I’ve written here before about the idea of having children pay for their own college, ideally by making a case to investors that their education will produce solid returns. Not only could this help get the government out of higher education, but it would reduce the importance of parental funds, too.
New research shows that students who come up with money themselves, rather than having it handed to them simply for being born, do better:
Parents saving for college costs, take heed: A new national study has found that the more college money parents provide — whether in absolute terms or as a share of total costs — the lower their children’s college grades.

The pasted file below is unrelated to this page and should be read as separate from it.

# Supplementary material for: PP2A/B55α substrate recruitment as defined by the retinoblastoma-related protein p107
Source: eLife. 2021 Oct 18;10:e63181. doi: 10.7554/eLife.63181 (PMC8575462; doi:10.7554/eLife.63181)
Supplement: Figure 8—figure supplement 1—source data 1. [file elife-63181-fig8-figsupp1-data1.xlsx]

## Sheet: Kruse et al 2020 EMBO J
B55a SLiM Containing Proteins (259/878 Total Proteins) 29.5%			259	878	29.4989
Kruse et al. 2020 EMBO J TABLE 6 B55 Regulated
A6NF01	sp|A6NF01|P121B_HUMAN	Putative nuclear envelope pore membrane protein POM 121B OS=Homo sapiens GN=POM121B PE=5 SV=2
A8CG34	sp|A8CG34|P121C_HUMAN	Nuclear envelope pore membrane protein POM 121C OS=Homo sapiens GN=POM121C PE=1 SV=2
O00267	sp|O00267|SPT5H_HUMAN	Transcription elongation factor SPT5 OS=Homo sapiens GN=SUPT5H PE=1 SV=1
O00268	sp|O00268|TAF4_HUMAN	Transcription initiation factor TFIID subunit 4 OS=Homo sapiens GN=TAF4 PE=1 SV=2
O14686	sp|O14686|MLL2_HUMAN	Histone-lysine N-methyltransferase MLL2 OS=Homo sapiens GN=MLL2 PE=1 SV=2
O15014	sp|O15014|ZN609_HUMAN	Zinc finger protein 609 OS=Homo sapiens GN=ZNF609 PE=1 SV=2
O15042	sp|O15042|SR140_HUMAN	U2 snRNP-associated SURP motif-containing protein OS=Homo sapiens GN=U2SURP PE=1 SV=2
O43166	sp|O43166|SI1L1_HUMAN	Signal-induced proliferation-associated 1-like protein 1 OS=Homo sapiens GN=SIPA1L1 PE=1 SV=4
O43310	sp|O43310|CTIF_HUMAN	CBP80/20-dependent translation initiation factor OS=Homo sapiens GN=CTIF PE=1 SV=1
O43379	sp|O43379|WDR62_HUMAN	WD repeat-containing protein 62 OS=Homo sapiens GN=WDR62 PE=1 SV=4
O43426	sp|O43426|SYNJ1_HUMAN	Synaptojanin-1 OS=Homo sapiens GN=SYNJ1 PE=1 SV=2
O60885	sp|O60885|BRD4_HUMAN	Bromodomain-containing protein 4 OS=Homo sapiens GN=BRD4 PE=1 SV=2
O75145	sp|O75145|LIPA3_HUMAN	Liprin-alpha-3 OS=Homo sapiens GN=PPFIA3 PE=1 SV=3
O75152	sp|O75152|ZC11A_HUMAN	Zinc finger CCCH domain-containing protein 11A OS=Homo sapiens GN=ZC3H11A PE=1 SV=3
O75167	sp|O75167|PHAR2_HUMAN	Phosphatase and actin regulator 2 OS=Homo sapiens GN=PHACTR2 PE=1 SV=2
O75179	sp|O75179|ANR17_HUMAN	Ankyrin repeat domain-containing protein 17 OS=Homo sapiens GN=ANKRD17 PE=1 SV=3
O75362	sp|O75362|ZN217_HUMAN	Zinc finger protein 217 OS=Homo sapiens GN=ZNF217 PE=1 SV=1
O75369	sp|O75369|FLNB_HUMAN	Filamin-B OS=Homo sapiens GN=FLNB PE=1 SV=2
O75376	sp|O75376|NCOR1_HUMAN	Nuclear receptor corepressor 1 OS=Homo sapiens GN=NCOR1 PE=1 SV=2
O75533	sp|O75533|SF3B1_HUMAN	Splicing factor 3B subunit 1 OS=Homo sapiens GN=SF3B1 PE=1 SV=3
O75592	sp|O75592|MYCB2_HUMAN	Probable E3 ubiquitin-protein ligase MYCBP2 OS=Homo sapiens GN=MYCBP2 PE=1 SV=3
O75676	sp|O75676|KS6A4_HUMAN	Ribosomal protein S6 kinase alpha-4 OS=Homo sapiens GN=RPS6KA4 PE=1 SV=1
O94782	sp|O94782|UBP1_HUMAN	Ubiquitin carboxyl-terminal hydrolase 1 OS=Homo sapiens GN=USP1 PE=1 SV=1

Students from wealthy families are more likely than those from poor families to go to college, and those whose parents pay their way are more likely to graduate. But according to “More Is More or More Is Less? Parent Financial Investments During College,” a study by Laura Hamilton, a sociology professor at the University of California, Merced, greater parental contributions were linked with lower grades across all kinds of four-year institutions.
“It’s a modest effect, not big enough to make the kid flunk out of college,” said Dr. Hamilton, whose study was published in this month’s American Sociological Review. “But it was surprising because everybody has always assumed that the more you give, the better your child does.”
The negative impact on grades was less at elite institutions than at other private, expensive, out-of-state colleges. The higher graduation rate of students whose parents paid their way is not surprising, she said, since many students leave college for financial reasons.
Of course, all social science deserves skepticism, but these findings are interesting, at least.